That's what really bad movies sometimes do to you. You walk out of the theater and it's like the last 90 minutes of your life just vanished.
It's been maybe three days since this film came out and I've forgotten nearly everything about it. I do remember that it's basically 90 minutes of X-gamers skiing, boarding and clowning around and then being chased by some on-the-run Bosnian warlord, but I'm hard-pressed to recall any of the details. That's what really bad movies sometimes do to you. You walk out of the theater and it's like the last 90 minutes of your life just vanished. It's kind of like "Solaris" where the planet creates a new person: When I walked out of "Extreme Ops" I was like a new Mr. Cranky who couldn't remember anything that had happened in my life up until that point, but I had some vague recollections of things. It's like that.
Don't accuse me of not seeing this film because I did. For instance, I can tell you that Rufus Sewell plays a commercial director named Ian. He has an annoying partner named Mark (Heino Ferch), who insists they film a ski stunt in front of an avalanche. To do said stunt, Ian has gathered together an Olympic skier, Chloe (Bridgette Wilson-Sampras), and a couple of snowboarders, Silo (Joe Abolom) and Kittie (Jana Pallaske). Will (Devon Sawa) is part of the crew and is trying to get into Kittie's pants, but isn't very successful because he's flabby. The central emotional issue of the film is that Chloe isn't really an extreme skier and loses her confidence after a fall. It's not like she breaks a pelvis or something. Her skis come off. She puts them back on. She keeps going.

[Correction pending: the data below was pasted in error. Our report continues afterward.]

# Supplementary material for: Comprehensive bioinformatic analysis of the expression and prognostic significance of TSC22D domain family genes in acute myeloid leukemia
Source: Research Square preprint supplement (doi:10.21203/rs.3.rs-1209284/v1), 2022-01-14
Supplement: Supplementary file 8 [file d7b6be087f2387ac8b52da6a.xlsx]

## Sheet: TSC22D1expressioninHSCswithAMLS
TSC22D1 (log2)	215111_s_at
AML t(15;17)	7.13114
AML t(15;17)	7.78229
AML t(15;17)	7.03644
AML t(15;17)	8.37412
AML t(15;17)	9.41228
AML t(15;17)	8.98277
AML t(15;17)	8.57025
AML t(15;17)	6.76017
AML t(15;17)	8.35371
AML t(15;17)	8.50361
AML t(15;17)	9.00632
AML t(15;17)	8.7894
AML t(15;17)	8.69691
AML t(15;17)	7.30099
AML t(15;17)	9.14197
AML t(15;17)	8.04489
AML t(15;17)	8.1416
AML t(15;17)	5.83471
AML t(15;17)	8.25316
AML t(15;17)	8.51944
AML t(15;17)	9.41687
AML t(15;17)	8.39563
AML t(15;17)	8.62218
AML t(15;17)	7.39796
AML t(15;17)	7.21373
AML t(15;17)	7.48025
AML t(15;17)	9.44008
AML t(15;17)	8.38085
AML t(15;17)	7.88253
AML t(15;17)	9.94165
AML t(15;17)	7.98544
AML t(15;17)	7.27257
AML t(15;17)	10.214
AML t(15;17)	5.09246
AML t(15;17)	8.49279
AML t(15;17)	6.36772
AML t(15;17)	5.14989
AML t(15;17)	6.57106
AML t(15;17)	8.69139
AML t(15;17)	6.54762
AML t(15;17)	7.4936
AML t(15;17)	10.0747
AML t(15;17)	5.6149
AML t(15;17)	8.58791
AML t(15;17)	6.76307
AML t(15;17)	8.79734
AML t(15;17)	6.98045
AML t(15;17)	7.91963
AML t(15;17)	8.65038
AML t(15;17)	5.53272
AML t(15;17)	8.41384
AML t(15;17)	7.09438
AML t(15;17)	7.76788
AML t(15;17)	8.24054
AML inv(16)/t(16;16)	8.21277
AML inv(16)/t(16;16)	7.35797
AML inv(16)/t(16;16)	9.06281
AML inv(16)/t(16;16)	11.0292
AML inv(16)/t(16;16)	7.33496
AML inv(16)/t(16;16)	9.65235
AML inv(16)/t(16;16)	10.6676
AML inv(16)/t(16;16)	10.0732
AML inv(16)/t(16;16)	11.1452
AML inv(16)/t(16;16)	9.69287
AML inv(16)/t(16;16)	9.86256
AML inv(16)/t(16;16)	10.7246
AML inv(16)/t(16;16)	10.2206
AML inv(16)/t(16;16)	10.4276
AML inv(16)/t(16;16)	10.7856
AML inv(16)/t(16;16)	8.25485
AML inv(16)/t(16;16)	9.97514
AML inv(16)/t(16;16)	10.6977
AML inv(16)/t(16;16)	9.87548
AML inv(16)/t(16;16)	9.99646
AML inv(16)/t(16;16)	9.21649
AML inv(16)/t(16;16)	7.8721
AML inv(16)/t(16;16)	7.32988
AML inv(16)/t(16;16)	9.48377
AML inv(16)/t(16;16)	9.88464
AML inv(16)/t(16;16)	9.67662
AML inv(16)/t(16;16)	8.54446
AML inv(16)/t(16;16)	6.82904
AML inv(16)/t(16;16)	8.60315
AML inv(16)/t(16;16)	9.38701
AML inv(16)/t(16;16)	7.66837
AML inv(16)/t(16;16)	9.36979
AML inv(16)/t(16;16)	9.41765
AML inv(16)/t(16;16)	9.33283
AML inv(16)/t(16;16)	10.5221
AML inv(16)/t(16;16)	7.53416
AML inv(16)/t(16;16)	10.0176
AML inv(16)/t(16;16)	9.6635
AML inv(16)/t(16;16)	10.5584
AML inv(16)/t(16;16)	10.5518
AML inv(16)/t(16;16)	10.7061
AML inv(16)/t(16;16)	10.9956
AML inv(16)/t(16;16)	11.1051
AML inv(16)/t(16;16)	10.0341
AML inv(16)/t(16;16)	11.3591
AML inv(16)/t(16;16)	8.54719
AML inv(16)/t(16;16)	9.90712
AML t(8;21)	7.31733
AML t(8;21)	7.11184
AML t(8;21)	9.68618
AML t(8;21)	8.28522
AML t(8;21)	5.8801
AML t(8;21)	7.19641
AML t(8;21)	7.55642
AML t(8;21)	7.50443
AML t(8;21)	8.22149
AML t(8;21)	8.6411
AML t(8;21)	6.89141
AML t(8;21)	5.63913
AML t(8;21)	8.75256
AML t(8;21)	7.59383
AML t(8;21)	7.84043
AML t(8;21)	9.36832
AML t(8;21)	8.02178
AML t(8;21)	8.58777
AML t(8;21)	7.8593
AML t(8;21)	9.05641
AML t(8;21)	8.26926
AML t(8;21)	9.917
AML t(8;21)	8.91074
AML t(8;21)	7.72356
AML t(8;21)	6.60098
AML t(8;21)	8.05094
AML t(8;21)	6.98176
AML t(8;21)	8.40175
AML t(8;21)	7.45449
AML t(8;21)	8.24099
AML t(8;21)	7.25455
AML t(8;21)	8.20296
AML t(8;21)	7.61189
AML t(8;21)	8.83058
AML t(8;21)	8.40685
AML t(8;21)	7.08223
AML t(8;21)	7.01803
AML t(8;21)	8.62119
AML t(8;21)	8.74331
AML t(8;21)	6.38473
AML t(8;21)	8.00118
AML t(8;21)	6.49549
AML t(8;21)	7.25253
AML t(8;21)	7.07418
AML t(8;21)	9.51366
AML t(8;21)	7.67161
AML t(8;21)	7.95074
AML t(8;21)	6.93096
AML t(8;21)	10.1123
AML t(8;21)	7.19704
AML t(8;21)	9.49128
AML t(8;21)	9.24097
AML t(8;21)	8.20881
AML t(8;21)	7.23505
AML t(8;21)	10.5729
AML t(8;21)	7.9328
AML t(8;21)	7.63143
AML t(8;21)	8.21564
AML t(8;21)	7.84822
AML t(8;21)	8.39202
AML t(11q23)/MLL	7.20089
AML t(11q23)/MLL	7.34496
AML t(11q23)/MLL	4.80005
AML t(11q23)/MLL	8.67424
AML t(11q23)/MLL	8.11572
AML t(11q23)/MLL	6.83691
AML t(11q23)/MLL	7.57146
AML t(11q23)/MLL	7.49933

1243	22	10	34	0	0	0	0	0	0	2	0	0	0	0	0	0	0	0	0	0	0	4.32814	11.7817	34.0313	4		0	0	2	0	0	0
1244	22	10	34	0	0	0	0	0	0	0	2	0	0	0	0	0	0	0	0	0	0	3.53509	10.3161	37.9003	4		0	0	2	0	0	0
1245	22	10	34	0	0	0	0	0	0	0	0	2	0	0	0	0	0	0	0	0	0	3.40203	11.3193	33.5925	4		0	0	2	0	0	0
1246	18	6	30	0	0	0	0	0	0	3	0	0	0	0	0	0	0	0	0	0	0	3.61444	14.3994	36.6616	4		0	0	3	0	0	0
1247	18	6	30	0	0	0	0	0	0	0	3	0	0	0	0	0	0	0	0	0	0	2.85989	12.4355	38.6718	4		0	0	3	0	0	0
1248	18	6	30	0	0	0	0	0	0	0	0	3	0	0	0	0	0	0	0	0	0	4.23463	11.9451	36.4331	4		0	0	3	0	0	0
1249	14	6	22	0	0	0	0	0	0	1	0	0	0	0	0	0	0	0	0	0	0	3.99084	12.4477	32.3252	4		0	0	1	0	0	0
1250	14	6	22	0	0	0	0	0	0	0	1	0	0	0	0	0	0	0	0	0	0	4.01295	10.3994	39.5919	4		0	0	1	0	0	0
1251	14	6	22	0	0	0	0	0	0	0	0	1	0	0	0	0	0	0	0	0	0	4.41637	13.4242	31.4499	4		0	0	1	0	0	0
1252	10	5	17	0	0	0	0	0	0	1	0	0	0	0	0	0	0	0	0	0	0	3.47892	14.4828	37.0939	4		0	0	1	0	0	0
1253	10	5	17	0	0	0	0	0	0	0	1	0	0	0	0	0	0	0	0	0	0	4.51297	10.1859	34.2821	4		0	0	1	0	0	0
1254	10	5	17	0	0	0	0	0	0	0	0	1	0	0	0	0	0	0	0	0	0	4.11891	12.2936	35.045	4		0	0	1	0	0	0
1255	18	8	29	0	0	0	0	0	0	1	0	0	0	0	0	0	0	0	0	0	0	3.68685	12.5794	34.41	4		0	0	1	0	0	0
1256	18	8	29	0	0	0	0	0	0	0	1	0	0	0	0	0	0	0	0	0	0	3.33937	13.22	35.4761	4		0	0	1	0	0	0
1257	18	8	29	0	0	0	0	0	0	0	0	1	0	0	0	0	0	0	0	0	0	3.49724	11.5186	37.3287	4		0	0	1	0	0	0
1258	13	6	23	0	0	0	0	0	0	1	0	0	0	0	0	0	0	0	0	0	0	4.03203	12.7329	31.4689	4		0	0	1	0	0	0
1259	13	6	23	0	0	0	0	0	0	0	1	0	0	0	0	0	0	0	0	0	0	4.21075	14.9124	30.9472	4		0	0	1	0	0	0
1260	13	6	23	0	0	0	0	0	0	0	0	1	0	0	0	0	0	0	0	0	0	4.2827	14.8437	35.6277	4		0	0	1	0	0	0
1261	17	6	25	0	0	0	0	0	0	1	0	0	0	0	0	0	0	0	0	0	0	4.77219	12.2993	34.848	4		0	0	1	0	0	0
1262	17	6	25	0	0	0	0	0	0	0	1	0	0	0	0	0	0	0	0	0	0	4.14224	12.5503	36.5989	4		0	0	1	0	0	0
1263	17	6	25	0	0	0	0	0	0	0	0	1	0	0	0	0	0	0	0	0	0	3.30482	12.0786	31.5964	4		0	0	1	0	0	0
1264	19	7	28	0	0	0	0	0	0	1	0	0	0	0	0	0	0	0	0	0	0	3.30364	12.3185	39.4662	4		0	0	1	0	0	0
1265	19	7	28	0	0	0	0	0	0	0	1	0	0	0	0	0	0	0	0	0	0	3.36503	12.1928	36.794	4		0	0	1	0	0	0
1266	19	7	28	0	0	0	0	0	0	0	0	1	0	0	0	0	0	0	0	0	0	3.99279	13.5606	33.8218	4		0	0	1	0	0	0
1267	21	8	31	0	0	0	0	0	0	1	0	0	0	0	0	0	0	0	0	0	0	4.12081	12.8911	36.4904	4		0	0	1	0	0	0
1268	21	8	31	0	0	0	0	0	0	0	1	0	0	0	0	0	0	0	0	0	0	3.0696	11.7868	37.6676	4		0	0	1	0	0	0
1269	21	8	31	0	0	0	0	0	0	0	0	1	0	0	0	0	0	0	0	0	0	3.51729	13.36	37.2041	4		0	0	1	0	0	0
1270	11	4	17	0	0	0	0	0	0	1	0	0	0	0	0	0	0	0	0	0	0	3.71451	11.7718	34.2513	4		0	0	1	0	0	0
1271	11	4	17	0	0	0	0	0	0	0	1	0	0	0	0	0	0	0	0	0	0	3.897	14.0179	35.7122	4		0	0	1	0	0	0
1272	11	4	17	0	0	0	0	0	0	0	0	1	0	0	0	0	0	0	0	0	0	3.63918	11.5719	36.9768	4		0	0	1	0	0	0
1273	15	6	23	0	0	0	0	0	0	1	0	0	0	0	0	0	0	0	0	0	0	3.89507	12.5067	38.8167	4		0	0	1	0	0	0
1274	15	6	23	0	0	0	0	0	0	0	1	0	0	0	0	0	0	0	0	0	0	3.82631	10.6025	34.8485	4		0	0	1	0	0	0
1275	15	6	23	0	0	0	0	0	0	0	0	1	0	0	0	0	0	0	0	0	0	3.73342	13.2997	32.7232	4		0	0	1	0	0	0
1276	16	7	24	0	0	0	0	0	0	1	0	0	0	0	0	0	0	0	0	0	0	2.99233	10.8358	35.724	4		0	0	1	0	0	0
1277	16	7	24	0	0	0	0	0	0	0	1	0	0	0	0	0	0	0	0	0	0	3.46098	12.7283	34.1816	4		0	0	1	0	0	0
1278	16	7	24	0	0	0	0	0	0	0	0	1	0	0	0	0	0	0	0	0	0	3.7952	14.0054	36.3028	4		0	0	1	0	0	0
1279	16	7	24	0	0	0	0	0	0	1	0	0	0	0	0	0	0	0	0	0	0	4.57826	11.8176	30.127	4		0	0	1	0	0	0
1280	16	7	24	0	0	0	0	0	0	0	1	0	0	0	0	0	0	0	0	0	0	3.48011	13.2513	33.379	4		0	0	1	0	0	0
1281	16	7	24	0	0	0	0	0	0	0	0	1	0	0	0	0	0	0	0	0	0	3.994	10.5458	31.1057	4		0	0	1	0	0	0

Of the 90 minutes that comprise the film, about 80 minutes consist of these people skiing and boarding about. They go to some extremely remote hotel that sits on top of a mountain, but isn't quite finished. You can only get to it via a really slow gondola. Then, suddenly, in the last ten minutes, this Bosnian warlord realizes that these people with the cameras have taken a picture of him and now he wants to kill them because he's afraid somebody will find out he's there. He actually thinks they're CIA. He doesn't seem to consider that if they were CIA, they might have made a phone call during the hour or two it takes for him to decide to kill them. So he chases them around the mountain in a helicopter shooting at them.
Don't ask why the Bosnian warlord didn't just prevent these camera-toting troublemakers from coming up to his hotel in the first place. Just cherish the fact that his anger offers these troublemakers the opportunity to use their awesome snowboarding and skiing skills to outwit and outmaneuver the Bosnian warlord, his helicopter, and his machine guns. If only we had sent some radical snowboarders to the Balkans ten years ago, we could have put a stop to that entire war business in nothing flat.
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